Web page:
“The Message” establishes itself as an incisive and strong critique of society, particularly the New York subculture. In the very first verse of the song, we are met with this:

Broken glass everywhere

People pissing on the stairs, you know they just don’t care

I can’t take the smell, can’t take the noise

Got no money to move out, I guess I got no choice

Rats in the front room, roaches in the back

Junkies in the alley with a baseball bat

I tried to get away but I couldn’t get far

’Cause a man with a tow truck repossessed my car

While there is of course the usual rhythm and the rhyme to the song, you can tell that this is not merely poetic prose but a message, hence the title of the song. The first verse lays out the foundation to the rest of the song: People in the same state of being as the Singer are in a situation where everything is miserable, yet there’s no way out. Our subject here is stuck in a hellhole and the moment he tries to leave, someone came and repossessed his truck, forcing him to remain in this place. He doesn’t want to be here, he doesn’t like the ghetto. Then comes the Hook, which is the transition between bits of the story being told here.

Don’t push me, ’cause I’m close to the edge

I’m trying not to lose my head

It’s like a jungle sometimes

It makes me wonder how I keep from going under

He’s already passed the point of no return, yet he’s surviving still. Our singer here is not alone in his plight, however. As we know, poverty is rampant in the ghettos that the Segregation has created in America, and with the systemic lack of support for the residents, in these parts of town, you can easily expect that when someone gets “pushed” through the edge, something violent will happen. Something desperate.

Standing on the front stoop, hanging out the window

Watching all the cars go by, roaring as the breezes blow

Crazy lady, living in a bag

Eating out of garbage pails, used to be a fag hag

Said she’ll dance the tango, skip the light fandango

A Zircon princess seemed to lost her senses

Down at the peep show watching all the creeps

So she can tell her stories to the girls back home

She went to the city and got social security

She had to get a pimp, she couldn’t make it on her own

There are two stories held in this verse. One of a lady who used to hang around “fags” who are of course homosexuals. This homophobic term was used much more easily in the 80s (the song came out in 1982), and it’s safe to presume that this lady used to be someone of some social privilege. Yet, she is here eating out of garbage pails and offering herself up for extra cash.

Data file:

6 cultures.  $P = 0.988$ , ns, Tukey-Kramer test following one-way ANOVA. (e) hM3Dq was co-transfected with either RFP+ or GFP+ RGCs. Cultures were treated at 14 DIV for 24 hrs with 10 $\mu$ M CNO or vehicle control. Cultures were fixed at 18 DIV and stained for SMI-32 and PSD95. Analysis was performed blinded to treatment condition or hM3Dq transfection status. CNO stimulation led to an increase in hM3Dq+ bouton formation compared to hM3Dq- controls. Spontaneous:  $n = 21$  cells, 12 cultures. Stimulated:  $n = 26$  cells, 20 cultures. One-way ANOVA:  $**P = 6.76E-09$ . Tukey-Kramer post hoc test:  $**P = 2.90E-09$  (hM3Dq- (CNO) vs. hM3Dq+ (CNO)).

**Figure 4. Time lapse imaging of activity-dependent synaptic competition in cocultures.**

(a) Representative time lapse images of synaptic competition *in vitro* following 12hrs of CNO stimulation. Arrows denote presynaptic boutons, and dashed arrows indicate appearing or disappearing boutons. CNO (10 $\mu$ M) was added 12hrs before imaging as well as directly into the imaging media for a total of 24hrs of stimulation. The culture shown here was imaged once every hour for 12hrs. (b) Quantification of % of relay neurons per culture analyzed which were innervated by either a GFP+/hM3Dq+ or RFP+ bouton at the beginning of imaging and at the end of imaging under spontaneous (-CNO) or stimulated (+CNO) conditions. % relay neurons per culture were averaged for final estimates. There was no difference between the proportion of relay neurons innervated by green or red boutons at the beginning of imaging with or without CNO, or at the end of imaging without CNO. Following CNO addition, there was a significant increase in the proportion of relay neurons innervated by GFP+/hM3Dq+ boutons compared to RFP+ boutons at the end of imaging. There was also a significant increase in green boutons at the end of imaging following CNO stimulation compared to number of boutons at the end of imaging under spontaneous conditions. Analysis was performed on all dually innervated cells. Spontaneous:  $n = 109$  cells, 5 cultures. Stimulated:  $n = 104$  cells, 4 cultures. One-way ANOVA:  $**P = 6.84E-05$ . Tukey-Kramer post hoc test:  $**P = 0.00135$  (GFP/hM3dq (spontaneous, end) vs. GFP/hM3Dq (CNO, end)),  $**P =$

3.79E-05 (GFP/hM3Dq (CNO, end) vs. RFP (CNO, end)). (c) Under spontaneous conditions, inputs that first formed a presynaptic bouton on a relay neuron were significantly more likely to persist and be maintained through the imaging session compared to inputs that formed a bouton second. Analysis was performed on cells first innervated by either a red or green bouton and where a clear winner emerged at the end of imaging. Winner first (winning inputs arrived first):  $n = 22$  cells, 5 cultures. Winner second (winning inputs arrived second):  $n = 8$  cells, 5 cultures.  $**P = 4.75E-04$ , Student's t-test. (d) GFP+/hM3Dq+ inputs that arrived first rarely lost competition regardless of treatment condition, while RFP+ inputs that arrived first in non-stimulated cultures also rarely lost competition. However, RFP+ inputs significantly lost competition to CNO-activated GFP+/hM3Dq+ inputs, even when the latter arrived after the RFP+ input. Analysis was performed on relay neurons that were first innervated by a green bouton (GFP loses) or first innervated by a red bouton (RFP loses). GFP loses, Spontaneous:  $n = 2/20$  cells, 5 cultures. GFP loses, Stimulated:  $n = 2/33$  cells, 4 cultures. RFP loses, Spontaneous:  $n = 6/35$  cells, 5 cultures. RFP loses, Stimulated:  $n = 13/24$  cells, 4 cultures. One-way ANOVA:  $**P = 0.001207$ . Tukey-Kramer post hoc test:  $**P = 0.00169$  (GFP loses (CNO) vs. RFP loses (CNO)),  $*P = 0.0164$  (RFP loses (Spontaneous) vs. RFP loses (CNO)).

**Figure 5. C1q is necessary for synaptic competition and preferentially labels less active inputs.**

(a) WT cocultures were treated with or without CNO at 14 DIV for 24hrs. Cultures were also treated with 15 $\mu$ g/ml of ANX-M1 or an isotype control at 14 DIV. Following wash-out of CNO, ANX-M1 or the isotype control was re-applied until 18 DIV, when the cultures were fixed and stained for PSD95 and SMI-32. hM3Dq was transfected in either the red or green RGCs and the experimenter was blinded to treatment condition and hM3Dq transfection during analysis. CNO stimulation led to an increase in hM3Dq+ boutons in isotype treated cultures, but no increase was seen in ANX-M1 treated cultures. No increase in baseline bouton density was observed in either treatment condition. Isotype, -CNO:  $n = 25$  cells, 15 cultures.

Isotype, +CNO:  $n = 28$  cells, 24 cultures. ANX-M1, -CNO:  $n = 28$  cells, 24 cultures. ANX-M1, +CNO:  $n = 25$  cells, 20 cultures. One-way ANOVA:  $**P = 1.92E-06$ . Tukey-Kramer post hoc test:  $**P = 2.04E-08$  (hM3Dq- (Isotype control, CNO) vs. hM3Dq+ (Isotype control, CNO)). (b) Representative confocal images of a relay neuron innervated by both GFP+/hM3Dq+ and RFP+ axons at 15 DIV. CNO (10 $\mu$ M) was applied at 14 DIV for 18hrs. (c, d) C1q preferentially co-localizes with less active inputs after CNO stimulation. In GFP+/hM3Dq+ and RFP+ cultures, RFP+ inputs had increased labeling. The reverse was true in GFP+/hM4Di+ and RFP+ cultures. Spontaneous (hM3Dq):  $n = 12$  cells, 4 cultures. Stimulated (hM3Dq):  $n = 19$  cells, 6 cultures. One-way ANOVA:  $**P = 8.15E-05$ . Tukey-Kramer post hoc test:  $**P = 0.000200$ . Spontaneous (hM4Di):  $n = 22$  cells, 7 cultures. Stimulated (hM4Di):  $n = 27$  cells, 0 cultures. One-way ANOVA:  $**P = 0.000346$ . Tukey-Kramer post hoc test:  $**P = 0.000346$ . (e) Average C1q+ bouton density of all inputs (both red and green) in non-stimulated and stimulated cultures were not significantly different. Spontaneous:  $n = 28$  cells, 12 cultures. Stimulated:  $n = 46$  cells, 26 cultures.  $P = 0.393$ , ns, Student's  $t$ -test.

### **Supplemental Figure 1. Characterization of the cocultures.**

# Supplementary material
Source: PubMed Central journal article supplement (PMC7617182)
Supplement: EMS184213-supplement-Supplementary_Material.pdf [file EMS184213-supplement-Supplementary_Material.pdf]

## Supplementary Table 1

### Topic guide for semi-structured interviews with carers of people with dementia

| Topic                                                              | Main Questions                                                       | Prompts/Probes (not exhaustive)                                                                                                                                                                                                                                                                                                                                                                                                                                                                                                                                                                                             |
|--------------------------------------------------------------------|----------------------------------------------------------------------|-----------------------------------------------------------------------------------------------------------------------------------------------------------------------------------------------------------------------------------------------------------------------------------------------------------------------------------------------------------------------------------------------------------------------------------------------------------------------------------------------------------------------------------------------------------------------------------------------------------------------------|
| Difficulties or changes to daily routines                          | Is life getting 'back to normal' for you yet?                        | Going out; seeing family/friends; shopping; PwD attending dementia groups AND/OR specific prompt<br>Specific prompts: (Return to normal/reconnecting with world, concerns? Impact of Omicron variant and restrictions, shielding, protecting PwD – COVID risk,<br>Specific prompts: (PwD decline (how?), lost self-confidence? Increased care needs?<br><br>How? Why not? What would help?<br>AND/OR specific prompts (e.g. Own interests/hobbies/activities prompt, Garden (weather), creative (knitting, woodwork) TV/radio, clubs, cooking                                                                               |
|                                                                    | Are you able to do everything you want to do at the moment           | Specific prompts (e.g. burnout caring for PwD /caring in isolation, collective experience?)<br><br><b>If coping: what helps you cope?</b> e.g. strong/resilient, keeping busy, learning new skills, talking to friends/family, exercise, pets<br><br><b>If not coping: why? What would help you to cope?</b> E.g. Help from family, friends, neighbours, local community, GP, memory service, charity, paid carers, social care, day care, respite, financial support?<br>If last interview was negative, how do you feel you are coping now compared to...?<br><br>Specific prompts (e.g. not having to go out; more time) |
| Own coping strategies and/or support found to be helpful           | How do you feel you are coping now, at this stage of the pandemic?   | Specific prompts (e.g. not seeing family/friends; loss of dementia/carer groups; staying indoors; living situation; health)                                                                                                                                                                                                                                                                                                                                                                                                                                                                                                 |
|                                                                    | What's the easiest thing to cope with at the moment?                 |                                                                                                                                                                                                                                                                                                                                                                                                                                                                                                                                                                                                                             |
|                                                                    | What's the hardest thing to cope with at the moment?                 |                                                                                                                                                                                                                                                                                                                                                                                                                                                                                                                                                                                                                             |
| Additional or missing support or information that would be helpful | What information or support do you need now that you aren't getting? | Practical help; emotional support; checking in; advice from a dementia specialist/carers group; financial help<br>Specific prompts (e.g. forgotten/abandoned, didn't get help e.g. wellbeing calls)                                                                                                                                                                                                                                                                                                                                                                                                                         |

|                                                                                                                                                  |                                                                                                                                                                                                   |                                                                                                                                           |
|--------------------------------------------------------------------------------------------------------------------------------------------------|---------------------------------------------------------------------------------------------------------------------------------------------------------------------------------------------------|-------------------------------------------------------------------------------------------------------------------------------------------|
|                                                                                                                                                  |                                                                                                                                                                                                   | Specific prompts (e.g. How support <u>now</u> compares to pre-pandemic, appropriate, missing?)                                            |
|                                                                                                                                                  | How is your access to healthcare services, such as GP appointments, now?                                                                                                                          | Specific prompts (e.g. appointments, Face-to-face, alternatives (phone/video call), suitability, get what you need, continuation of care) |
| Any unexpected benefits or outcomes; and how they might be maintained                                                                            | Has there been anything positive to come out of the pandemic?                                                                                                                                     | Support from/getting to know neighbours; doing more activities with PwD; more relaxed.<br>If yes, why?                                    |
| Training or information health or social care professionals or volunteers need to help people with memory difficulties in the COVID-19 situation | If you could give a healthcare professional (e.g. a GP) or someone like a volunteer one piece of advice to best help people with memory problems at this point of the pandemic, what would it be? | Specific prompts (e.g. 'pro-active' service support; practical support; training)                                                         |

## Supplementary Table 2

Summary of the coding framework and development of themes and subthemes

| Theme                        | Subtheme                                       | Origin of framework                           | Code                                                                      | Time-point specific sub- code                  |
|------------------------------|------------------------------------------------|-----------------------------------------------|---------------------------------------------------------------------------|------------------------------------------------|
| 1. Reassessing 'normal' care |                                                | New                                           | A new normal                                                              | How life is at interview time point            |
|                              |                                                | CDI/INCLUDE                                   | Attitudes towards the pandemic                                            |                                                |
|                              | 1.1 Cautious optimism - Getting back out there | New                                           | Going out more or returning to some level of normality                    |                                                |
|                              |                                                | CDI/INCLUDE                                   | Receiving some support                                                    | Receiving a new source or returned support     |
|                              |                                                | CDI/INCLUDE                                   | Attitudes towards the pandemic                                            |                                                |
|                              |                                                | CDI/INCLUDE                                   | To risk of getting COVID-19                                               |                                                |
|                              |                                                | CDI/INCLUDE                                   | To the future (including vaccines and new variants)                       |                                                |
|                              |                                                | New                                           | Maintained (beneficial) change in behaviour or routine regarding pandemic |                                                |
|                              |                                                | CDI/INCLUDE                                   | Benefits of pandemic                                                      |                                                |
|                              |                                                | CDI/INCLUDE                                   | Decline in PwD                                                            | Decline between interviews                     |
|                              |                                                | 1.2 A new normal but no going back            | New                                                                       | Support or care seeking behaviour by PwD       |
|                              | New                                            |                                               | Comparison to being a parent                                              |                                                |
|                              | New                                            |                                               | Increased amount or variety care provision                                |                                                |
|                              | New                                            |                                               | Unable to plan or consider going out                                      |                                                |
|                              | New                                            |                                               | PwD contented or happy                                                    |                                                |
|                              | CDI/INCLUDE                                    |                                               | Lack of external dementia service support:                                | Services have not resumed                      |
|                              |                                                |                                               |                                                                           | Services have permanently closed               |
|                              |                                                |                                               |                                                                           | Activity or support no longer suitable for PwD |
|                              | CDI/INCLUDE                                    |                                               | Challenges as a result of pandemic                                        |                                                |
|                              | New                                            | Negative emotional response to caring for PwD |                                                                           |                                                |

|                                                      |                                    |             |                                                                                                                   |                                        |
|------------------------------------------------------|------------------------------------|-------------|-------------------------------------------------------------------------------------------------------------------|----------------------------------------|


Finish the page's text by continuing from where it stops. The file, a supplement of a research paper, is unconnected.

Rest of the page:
Grandmaster Flash then goes into the story of a “Zircon” princess. Zircon being a virtually worthless mineral that passes itself off as diamond. This girl is an image of the self-important teenagers who at a distance make light of the problems of the inner city, yet when she got to the city (with no job), she tried to get on with social security. That did not work and then she had to find a pimp, to fill in the financial gaps. Again, these are stories oft-repeated that we can imagine Flash has either seen or heard of repeatedly during his time in New York.

In the next verse, we have another story that has been found repeated across the African-American demographics in the United States as well as in other countries where institutionalized racism occurred. This instance showcases the school-to-prison pipeline:

My son said, Daddy, I don’t wanna go to school
’Cause the teacher’s a jerk, he must think I’m a fool
And all the kids smoke reefer, I think it’d be cheaper
If I just got a job, learned to be a street sweeper
Or dance to the beat, shuffle my feet
Wear a shirt and tie and run with the creeps

A reality of poorer demographics, and one of the reasons they show up in crime statistics so much is demonstrated above. It is a story, for certain, but the reason music becomes so popular is that people identify with it, and they certainly identified with this song and the “message” it was sending out. It’s often been theorized – and as far as I know, rap artists agree as well – that hip hop and rap music has been a way for minorities and people of color to express their misery to a larger audience, when the government will not listen to them and instead makes their situations worse via (among other things) gentrification.

Metal / Rock

The band Snot is not particularly famous, but like Grandmaster Flash, it was part of a movement in the 90s of cynical music by very talented and (often) troubled artists. In the case of Snot, their lead singer died one year after the release of their first album. The band has been on and off for years since then. A song I want to look at is “Snooze Button”.


The song is certainly bombastic, and the theme throughout is the lack of political engagement in American society. In the 90s, there was a lot going on and people were starting to feel like the U.S. government wasn’t really out to help them but rather hurt them. This cynicism was probably exacerbated with Bill Clinton, and the first Gulf War, along with the War on Crime, which mostly targeted poor, working-class Americans.

Well, it’s just another song
Talkin’ about how you let them take your rights
Another redundant verse about how you refused to fight & lost
What cost? Your cause has got no champion
How could you hope to win? By just complaining